The above method works well for highly motivated and well-prepared students, but I have found it does not serve as well for students who need assistance in acquiring more basic skills, such as those needed to write an acadmeic essay. (I am referring to students enrolled in courses other than compostition). I have thus added a skills component to my lower division courses. Working with the perspective Janet Giltrow offers in Academic Writing, I present the academic essay as a genre with certain conventions, rather than as a "proper" writing as some of my students initially perceive it. Since a growing number of students come to us with a minimal background in print literacy (they are literate enough in visual media), or with first languages other than English, I have found it important to devise ways-in for them that minimize the disempowerment they feel with they are asked to produce academic writing. Teaching the essay as a genre does not make instant writers of anyone, but it does say that writing a certain way is not a matter of intelligence but of learning cultural grammars and conventions.
One aspect of my teaching with which I continue to struggle is finding a balance between guiding my students and enabling them. Since my preference is to help students explore their interests, I sometimes find myself confronted by students who want definitive interpretations of course material or more guidance on assignments. As one of my students remarked, “what’s wrong with having just one answer?” I address this problem in various ways—by tightening up if the situation seems to require it, by providing written descriptions of assignments, and by offering individualized sessions with students who are willing to bring in drafts of their work. I continue to search for effective classroom ways to communicate my expectations, engage students, and help them find their voices.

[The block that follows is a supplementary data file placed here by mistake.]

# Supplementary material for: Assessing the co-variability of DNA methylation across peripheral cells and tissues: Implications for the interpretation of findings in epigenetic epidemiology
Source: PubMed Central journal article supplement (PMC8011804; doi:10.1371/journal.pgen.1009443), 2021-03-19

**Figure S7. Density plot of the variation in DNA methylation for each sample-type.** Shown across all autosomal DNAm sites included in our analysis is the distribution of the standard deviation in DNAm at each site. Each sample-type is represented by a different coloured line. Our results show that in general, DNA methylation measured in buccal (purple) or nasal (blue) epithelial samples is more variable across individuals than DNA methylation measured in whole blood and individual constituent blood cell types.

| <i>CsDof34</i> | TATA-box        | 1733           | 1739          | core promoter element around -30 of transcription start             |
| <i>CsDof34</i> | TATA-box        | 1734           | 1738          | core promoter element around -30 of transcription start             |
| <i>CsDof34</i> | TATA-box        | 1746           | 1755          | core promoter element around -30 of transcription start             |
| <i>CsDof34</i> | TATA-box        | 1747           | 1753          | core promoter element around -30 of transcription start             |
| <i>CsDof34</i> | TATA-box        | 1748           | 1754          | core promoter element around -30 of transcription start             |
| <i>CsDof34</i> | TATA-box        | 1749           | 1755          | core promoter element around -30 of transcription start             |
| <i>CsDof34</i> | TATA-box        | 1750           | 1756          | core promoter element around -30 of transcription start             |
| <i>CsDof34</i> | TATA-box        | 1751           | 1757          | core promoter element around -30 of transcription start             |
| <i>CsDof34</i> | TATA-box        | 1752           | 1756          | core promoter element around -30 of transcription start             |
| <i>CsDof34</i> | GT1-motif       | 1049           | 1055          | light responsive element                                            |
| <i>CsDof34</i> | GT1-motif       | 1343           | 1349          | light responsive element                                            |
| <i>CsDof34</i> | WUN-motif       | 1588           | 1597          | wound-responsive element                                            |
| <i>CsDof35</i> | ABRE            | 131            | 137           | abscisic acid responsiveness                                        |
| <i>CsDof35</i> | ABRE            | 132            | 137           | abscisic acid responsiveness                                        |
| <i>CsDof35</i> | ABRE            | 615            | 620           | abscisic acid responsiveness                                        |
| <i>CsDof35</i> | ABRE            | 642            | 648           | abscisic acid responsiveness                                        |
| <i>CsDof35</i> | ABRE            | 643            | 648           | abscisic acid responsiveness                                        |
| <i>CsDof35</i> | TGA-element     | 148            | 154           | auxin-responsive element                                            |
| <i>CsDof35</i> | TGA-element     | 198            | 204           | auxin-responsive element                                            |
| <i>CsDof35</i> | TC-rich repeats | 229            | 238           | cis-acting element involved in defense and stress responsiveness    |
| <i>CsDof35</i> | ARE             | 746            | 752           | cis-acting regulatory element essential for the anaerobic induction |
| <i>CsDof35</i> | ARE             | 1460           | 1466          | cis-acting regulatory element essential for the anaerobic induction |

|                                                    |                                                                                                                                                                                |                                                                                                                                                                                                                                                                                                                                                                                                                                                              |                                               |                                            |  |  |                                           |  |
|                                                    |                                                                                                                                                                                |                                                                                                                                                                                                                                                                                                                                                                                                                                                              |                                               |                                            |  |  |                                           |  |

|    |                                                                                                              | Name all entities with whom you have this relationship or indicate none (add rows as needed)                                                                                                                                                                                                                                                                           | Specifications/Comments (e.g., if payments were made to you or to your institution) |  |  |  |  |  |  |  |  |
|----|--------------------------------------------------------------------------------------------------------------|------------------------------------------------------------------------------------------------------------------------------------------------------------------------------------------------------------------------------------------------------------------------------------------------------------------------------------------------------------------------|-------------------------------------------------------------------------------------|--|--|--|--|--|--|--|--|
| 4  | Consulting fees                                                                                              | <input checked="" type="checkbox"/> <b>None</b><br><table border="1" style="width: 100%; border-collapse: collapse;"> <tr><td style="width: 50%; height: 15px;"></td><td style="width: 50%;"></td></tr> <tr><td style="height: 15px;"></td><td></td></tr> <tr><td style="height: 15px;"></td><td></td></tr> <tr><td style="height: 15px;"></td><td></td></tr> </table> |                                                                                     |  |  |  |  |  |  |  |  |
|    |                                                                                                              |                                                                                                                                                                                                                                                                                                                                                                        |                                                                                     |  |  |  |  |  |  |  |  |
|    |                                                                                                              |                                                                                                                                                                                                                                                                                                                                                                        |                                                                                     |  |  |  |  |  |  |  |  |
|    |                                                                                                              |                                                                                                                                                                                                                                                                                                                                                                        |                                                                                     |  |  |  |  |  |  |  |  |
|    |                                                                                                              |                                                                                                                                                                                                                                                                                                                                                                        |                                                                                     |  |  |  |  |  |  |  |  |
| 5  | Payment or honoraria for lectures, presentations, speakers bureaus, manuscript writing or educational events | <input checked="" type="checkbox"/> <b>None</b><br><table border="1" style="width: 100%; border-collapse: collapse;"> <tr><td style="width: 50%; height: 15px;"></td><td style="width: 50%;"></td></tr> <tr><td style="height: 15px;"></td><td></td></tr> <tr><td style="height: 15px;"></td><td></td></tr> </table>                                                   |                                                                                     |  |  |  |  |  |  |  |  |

Ed., with Introduction and Interview with Robin Blaser. Even on Sunday: Essays, Readings, and Archival Materials on the Poetry and Poetics of Robin Blaser. Orono, ME: National Poetry Foundation, 2002. [396 pgs]
“A/Politics of Contemporary Anglo-Canadian Poetries: The Toronto Research Group and the Kootenay School of Writing.” Assembling Alternatives: Reading Postmodern Poetries Transnationally. Ed. Romana Huk. Wesleyan UP. [Forthcoming.]
“The Poetics of God: Spilling the Name in Robin Blaser’s The Last Supper.” Mosaic [Forthcoming].
“Radical Affections: Charles Olson’s Maximus.” Open Letter 11:1 (Spring 2001): 72-82.
“Subjects of Experience: Post-cognitive Subjectivity in the Work of bpNichol and Daphne Marlatt.” SCL/ÉLC 25:2 (2000): 108-130.
“Tensing the Difference: Daphne Marlatt, Karen Mac Cormack, and Susan Howe.” Tessera 27 (Winter 1999): 39-54.
“Three for Public: Steve McCaffery, Nicole Brossard, and Robin Blaser.” Public 12 (1995): 98-111; rpt.: The Recovery of the Public World. Eds. Edward Burne and Charles Watts. Vancouver: Talonbooks, 1999.
Articles Under Review
"Jay Macpherson's Modernism"
Dictionary/Encyclopedia Articles“Robin Blaser.” Entry for The Reader’s Encyclopedia. Ed. William H. New. Toronto: U of T Press, 2002.